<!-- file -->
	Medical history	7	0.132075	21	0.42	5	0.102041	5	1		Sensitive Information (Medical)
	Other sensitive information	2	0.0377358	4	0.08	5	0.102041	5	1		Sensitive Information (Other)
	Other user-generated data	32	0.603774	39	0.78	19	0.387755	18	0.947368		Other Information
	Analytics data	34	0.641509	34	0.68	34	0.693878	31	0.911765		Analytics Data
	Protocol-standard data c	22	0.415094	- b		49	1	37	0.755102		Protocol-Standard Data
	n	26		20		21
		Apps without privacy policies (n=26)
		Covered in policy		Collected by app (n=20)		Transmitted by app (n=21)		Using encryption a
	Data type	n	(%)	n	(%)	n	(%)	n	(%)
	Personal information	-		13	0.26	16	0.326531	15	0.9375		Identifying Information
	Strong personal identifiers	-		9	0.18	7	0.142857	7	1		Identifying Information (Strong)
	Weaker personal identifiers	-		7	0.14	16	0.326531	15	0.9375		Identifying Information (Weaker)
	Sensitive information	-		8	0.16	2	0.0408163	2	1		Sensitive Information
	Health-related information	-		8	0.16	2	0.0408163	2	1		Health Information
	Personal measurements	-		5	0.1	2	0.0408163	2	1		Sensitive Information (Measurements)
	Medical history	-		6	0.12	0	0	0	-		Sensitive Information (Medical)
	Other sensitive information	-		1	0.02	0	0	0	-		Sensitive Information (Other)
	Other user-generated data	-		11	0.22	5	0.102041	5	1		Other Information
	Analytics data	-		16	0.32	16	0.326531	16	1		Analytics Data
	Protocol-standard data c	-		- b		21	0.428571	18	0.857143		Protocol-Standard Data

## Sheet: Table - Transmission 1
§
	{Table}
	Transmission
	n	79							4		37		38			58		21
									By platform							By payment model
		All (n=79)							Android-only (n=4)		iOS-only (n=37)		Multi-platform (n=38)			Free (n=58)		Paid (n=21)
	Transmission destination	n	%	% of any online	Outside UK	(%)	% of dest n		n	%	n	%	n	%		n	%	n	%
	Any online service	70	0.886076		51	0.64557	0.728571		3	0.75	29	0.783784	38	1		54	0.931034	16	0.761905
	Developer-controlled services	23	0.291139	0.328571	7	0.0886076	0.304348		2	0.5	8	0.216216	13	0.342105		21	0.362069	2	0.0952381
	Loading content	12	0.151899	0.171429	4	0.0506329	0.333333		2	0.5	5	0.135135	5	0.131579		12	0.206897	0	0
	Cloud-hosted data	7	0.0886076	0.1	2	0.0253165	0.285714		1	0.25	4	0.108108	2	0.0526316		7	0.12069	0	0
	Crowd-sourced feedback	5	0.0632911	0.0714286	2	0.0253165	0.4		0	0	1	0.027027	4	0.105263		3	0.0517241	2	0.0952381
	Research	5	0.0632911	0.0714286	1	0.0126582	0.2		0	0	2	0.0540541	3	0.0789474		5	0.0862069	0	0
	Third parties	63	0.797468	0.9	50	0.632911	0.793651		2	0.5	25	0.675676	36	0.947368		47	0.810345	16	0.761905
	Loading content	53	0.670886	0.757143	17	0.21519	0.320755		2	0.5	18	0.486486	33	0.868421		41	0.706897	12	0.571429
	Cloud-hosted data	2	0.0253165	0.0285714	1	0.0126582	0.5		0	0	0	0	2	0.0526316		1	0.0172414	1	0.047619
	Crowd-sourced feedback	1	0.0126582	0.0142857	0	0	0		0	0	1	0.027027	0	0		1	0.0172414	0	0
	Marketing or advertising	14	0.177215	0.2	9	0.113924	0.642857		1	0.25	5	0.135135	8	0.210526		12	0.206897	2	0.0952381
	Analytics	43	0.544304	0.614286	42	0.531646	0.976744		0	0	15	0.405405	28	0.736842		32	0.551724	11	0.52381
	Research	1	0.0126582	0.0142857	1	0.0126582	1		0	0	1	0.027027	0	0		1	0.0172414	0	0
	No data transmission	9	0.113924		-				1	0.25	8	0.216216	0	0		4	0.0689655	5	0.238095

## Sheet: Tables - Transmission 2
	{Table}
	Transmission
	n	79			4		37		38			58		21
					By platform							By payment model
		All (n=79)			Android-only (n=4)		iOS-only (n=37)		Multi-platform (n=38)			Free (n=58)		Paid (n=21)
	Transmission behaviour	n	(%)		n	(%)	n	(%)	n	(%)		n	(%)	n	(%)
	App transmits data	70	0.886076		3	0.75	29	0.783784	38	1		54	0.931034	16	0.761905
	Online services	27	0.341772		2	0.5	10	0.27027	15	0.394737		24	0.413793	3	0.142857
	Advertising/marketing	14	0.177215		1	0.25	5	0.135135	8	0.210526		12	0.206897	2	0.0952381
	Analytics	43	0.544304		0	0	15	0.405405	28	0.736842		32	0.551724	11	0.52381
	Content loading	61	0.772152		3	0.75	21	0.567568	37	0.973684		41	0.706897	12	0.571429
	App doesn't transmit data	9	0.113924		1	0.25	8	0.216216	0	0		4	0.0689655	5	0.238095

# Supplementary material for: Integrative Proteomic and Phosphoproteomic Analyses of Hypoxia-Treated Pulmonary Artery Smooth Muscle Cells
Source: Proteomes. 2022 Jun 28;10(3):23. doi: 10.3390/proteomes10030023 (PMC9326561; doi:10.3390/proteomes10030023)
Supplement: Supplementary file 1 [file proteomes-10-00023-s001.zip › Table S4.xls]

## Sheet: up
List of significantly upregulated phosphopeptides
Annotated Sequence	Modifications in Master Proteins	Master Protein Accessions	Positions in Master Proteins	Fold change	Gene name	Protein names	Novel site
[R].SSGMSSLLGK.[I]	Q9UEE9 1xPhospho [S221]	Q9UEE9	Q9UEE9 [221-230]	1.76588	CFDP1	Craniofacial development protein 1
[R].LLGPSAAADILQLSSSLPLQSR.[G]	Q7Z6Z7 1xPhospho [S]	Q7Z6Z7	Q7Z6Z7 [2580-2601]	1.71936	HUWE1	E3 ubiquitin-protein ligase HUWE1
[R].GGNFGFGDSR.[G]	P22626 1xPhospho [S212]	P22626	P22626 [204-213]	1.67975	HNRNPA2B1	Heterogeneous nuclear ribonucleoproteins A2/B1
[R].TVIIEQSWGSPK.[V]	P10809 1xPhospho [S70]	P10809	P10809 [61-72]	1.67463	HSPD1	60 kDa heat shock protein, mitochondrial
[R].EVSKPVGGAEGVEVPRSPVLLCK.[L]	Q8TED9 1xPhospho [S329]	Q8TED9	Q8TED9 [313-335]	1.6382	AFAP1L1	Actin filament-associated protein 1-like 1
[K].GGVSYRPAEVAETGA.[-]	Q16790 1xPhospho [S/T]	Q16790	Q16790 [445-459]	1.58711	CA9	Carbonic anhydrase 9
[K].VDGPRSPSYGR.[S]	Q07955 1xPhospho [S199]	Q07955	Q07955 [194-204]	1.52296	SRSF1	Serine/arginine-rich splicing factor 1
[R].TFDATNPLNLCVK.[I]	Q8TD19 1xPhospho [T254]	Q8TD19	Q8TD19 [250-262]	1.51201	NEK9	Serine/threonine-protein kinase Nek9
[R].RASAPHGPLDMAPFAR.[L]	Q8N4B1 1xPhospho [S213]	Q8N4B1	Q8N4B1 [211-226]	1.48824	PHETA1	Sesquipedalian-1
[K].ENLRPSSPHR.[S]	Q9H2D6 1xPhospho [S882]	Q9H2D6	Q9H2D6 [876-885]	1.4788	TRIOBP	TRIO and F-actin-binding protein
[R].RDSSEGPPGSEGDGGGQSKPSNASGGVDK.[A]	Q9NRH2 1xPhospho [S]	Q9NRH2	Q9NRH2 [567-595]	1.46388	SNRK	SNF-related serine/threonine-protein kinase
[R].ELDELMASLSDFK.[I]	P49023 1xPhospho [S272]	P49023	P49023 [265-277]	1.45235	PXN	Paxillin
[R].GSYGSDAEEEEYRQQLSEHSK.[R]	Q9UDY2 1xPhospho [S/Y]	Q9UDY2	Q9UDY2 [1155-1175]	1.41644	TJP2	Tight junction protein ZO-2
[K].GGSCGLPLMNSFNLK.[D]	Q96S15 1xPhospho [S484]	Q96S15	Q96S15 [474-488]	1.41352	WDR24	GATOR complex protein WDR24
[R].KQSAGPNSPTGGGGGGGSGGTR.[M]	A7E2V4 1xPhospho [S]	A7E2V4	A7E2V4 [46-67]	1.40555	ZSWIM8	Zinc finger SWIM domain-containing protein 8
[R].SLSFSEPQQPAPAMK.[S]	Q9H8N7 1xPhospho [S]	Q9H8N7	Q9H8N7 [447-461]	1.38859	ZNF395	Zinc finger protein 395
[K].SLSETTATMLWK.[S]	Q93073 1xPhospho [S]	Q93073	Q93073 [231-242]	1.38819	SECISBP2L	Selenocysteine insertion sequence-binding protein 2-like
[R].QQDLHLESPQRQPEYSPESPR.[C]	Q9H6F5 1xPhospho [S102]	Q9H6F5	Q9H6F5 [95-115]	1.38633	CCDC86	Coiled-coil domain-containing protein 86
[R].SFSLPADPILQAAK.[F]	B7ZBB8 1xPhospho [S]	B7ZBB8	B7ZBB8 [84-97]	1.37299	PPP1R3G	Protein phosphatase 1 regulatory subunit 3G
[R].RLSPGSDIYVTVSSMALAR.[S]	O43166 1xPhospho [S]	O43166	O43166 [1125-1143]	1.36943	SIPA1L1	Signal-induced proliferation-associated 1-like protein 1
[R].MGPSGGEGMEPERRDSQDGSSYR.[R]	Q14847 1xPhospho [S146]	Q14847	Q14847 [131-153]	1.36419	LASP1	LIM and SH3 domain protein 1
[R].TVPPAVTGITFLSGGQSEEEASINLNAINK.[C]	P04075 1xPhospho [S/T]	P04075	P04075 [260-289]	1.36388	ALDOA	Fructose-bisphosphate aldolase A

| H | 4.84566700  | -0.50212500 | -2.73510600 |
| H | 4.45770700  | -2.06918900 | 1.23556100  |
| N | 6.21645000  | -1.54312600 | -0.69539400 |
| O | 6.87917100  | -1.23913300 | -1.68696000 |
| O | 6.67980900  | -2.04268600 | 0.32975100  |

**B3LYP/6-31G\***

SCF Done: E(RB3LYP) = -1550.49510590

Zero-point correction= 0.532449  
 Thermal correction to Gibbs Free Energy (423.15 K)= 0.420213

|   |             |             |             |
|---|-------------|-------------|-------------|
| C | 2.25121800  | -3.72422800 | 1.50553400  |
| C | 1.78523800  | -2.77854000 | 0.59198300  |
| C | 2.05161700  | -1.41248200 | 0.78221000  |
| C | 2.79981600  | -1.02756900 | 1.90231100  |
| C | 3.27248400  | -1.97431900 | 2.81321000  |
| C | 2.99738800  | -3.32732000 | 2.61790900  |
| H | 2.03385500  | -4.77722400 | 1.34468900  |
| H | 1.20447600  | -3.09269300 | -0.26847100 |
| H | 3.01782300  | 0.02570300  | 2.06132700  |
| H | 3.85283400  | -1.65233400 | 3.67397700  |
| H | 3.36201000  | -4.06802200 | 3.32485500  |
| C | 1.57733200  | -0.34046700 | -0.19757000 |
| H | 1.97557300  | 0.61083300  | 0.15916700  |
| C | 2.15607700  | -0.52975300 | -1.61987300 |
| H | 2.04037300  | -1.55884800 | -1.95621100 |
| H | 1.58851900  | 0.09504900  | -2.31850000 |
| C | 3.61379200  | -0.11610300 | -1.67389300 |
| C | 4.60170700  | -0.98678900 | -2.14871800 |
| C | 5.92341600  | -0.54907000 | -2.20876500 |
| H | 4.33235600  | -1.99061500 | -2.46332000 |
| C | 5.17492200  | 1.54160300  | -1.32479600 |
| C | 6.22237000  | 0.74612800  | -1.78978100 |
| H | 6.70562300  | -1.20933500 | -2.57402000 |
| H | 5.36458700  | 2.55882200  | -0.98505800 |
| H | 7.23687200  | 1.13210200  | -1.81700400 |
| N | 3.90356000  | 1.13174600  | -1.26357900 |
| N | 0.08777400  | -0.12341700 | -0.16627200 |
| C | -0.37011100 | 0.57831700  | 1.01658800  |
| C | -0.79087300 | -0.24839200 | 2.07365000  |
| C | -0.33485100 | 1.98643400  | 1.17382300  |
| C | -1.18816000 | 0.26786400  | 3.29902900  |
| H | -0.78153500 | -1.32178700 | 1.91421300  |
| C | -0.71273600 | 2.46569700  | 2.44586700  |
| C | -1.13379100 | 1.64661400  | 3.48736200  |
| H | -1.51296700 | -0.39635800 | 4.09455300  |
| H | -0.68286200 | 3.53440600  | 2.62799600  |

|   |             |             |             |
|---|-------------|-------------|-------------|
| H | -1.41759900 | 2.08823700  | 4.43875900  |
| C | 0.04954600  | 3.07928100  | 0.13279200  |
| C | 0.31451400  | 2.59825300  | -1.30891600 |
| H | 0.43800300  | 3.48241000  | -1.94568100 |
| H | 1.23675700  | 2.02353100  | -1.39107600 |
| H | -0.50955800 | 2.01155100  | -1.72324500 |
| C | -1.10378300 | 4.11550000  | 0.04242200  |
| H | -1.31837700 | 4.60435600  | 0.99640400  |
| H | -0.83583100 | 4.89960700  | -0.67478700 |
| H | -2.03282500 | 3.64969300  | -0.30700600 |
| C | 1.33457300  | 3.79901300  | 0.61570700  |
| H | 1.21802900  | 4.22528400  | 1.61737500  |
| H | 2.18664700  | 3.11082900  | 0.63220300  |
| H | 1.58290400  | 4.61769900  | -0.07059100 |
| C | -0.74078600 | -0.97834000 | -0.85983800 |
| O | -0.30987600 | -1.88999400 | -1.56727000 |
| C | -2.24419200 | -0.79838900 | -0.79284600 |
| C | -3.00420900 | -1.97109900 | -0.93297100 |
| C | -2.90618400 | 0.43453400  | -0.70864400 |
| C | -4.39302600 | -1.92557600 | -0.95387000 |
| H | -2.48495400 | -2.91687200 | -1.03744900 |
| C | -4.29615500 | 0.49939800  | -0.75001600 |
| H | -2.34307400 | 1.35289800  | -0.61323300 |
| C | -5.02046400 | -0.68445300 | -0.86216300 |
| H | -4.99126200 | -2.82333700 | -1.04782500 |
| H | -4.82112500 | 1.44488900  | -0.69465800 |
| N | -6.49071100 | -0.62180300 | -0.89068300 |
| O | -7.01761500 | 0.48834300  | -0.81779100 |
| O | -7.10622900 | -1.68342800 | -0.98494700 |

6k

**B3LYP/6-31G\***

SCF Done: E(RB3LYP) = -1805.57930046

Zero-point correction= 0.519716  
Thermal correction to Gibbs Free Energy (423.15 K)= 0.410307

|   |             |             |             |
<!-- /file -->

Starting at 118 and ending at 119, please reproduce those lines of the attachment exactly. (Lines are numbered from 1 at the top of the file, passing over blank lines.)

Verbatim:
| H | 5.36458700  | 2.55882200  | -0.98505800 |
| H | 7.23687200  | 1.13210200  | -1.81700400 |